Two Tang Dynasty (618-907) tombs with surviving murals were unearthed in northwest China’s Shaanxi Province. Archaeologists from the Shaanxi Provincial Institute of Archaeology discovered the tombs last month in Buli Village, 25 miles from Xi’an, the capital of Shaanxi Province today and the ancient capital of China during the Tang Dynasty. The tombs are intact with inscriptions identifying the owners and the murals, while damaged, contain imagery that is extremely rare in Tang Dynasty art.
One of the tombs contained the remains of a Tang Dynasty official. The single-occupant tomb was made of brick, encircled by a ditch and sealed with soil. It is oriented north to south and is 140 feet long with a sloped passage leading into the burial chamber. Archaeologists have found 102 funerary figurines, most of them depicting riders on horses, some standing individuals placed in niches.
The interior east and west walls are painted with a mural of caravan led by a blue dragon and a white tiger. Huren (a broad term meaning northern barbarians used by Chinese chroniclers to describe the nomadic peoples who were conquered and absorbed under the dynasty’s second emperor, Emperor Taizong of Tang (r. 626-649)) are depicted training horses and leading camels. Horses, canopies and attendants armed with bows and arrows follow. Below them are hunting hounds lying down, looking up at the caravan and running.
The quality of the painting is high with fine pigment and smooth brushwork. The people and animals are captured in dynamic movement. Horses and hunting dogs were very rare subjects for murals in Tang Dynasty tombs, and the epitaph explains their presence: the deceased, Kang Shanda, was the supervisor of horses under Emperor Gaozong (649-683). His father had held the same position and the family was very wealthy, rich in, the inscription says, cattle, horses and hidden treasures. He died in 671.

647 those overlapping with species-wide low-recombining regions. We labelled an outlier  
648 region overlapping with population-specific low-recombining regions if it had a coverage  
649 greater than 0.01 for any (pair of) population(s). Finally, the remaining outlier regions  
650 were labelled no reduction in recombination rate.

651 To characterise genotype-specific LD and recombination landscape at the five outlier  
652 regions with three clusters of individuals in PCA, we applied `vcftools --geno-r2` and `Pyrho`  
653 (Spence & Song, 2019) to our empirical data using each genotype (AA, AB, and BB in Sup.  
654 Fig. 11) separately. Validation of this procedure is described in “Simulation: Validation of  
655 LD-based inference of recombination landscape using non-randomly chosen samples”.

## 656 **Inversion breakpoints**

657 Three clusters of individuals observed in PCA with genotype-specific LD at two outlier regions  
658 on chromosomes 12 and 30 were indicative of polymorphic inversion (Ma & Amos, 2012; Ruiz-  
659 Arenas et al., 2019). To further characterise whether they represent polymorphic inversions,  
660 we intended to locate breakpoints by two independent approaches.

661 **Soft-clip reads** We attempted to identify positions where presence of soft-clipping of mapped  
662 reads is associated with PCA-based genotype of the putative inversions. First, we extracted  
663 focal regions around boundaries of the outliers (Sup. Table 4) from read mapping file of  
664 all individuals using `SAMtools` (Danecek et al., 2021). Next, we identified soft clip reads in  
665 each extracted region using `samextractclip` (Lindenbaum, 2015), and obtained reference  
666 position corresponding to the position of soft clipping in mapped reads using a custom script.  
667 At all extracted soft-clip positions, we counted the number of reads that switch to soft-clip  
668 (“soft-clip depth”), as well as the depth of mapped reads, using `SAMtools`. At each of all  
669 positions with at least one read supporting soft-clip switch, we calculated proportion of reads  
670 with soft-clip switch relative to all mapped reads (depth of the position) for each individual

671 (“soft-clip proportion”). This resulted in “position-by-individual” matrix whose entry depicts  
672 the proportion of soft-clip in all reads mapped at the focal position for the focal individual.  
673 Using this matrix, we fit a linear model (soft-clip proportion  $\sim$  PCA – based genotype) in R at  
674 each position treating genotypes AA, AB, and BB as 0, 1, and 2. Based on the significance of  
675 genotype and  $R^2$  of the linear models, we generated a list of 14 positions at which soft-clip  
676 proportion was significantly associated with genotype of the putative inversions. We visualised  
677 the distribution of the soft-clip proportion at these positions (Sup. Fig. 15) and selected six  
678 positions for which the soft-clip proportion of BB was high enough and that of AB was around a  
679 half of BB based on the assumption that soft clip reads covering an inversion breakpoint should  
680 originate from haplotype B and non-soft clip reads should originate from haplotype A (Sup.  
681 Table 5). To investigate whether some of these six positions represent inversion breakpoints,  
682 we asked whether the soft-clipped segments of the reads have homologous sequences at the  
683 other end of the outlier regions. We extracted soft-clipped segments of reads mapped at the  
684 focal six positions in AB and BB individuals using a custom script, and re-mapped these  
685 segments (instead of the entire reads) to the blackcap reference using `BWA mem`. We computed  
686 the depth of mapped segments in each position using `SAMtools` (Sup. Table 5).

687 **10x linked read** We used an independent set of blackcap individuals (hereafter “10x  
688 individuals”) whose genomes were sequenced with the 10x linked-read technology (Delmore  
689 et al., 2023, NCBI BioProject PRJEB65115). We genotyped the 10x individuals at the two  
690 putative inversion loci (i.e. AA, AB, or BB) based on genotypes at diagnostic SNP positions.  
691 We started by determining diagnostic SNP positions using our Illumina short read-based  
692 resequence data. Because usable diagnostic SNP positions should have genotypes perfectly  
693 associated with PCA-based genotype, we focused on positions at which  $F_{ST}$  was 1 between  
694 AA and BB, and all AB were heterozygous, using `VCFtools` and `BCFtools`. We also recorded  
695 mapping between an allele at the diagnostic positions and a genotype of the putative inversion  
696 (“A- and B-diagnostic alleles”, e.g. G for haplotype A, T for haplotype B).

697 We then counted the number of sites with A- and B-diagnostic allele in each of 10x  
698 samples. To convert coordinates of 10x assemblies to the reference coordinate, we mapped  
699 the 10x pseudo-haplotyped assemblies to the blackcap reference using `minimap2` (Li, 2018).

The second tomb is a joint burial of two royal family members. It is 110 feet long, north to south, cut out of the earth. The four walls of the chamber are decorated with murals. The raw soil walls were whitewashed and painted with scenes of feasting. One wall features dancers standing in the middle between two groups of musicians. Another mural features a table with dishes of food placed along it.
The epitaph identifies this tomb as that of Yang Zhishi and his wife from the Pangda family. Both the Yang and the Pangda families married into and were related to the imperial families of the Wu, Zhou and Tang imperial dynasties.
The discovery of the two tombs has provided new materials for the study of murals and social customs at the time….